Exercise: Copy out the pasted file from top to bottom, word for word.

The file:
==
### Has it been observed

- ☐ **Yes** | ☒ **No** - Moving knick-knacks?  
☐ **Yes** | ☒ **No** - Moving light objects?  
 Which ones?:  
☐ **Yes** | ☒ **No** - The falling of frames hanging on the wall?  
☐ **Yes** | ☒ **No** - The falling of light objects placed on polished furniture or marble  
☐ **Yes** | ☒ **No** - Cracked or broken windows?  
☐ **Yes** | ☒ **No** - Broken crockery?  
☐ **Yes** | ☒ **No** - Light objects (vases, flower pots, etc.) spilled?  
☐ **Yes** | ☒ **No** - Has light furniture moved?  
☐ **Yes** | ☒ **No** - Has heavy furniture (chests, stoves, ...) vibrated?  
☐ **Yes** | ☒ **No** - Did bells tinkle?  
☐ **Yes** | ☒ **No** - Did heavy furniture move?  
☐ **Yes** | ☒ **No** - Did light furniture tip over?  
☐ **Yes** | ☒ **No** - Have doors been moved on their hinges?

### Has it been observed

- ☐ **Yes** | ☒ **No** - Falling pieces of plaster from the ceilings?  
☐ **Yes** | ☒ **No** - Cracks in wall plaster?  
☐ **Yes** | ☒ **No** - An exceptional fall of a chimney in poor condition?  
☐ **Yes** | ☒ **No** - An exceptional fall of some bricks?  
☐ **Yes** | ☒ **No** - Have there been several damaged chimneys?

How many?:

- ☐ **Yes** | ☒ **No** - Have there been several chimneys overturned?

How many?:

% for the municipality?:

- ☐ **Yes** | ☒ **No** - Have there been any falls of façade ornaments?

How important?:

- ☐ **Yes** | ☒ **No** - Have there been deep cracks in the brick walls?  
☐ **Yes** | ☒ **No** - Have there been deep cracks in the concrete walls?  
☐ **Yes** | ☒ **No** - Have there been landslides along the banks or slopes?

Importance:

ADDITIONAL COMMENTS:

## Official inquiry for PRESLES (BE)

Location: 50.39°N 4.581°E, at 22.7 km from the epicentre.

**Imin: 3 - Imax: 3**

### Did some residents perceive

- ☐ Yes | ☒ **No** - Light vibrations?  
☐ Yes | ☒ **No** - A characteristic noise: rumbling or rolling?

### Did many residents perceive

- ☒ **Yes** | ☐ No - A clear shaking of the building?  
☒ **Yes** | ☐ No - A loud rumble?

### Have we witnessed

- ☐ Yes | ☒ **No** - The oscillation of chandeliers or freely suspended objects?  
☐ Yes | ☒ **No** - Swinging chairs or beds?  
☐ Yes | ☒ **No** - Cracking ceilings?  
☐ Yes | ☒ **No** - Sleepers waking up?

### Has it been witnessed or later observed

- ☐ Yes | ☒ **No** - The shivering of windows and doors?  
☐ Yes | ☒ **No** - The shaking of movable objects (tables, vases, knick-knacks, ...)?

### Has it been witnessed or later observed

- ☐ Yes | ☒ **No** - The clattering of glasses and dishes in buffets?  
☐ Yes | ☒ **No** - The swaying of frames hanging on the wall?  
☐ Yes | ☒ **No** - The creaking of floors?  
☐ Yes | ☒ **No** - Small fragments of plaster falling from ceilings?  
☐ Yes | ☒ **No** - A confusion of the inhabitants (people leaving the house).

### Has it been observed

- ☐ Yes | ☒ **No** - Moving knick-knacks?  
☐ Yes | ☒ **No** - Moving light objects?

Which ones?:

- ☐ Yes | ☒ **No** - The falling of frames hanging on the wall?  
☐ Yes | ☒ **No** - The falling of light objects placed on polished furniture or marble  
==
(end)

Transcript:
### Has it been observed

- ☐ **Yes** | ☒ **No** - Moving knick-knacks?  
☐ **Yes** | ☒ **No** - Moving light objects?  
 Which ones?:  
☐ **Yes** | ☒ **No** - The falling of frames hanging on the wall?  
☐ **Yes** | ☒ **No** - The falling of light objects placed on polished furniture or marble  
☐ **Yes** | ☒ **No** - Cracked or broken windows?  
☐ **Yes** | ☒ **No** - Broken crockery?  
☐ **Yes** | ☒ **No** - Light objects (vases, flower pots, etc.) spilled?  
☐ **Yes** | ☒ **No** - Has light furniture moved?  
☐ **Yes** | ☒ **No** - Has heavy furniture (chests, stoves, ...) vibrated?  
☐ **Yes** | ☒ **No** - Did bells tinkle?  
☐ **Yes** | ☒ **No** - Did heavy furniture move?  
☐ **Yes** | ☒ **No** - Did light furniture tip over?  
☐ **Yes** | ☒ **No** - Have doors been moved on their hinges?

### Has it been observed

- ☐ **Yes** | ☒ **No** - Falling pieces of plaster from the ceilings?  
☐ **Yes** | ☒ **No** - Cracks in wall plaster?  
☐ **Yes** | ☒ **No** - An exceptional fall of a chimney in poor condition?  
☐ **Yes** | ☒ **No** - An exceptional fall of some bricks?  
☐ **Yes** | ☒ **No** - Have there been several damaged chimneys?

How many?:

- ☐ **Yes** | ☒ **No** - Have there been several chimneys overturned?

How many?:

% for the municipality?:

- ☐ **Yes** | ☒ **No** - Have there been any falls of façade ornaments?

How important?:

- ☐ **Yes** | ☒ **No** - Have there been deep cracks in the brick walls?  
☐ **Yes** | ☒ **No** - Have there been deep cracks in the concrete walls?  
☐ **Yes** | ☒ **No** - Have there been landslides along the banks or slopes?

Importance:

ADDITIONAL COMMENTS:

## Official inquiry for PRESLES (BE)

Location: 50.39°N 4.581°E, at 22.7 km from the epicentre.

**Imin: 3 - Imax: 3**

### Did some residents perceive

- ☐ Yes | ☒ **No** - Light vibrations?  
☐ Yes | ☒ **No** - A characteristic noise: rumbling or rolling?

### Did many residents perceive

- ☒ **Yes** | ☐ No - A clear shaking of the building?  
☒ **Yes** | ☐ No - A loud rumble?

### Have we witnessed

- ☐ Yes | ☒ **No** - The oscillation of chandeliers or freely suspended objects?  
☐ Yes | ☒ **No** - Swinging chairs or beds?  
☐ Yes | ☒ **No** - Cracking ceilings?  
☐ Yes | ☒ **No** - Sleepers waking up?

### Has it been witnessed or later observed

- ☐ Yes | ☒ **No** - The shivering of windows and doors?  
☐ Yes | ☒ **No** - The shaking of movable objects (tables, vases, knick-knacks, ...)?

### Has it been witnessed or later observed

- ☐ Yes | ☒ **No** - The clattering of glasses and dishes in buffets?  
☐ Yes | ☒ **No** - The swaying of frames hanging on the wall?  
☐ Yes | ☒ **No** - The creaking of floors?  
☐ Yes | ☒ **No** - Small fragments of plaster falling from ceilings?  
☐ Yes | ☒ **No** - A confusion of the inhabitants (people leaving the house).

### Has it been observed

- ☐ Yes | ☒ **No** - Moving knick-knacks?  
☐ Yes | ☒ **No** - Moving light objects?

Which ones?:

- ☐ Yes | ☒ **No** - The falling of frames hanging on the wall?  
☐ Yes | ☒ **No** - The falling of light objects placed on polished furniture or marble  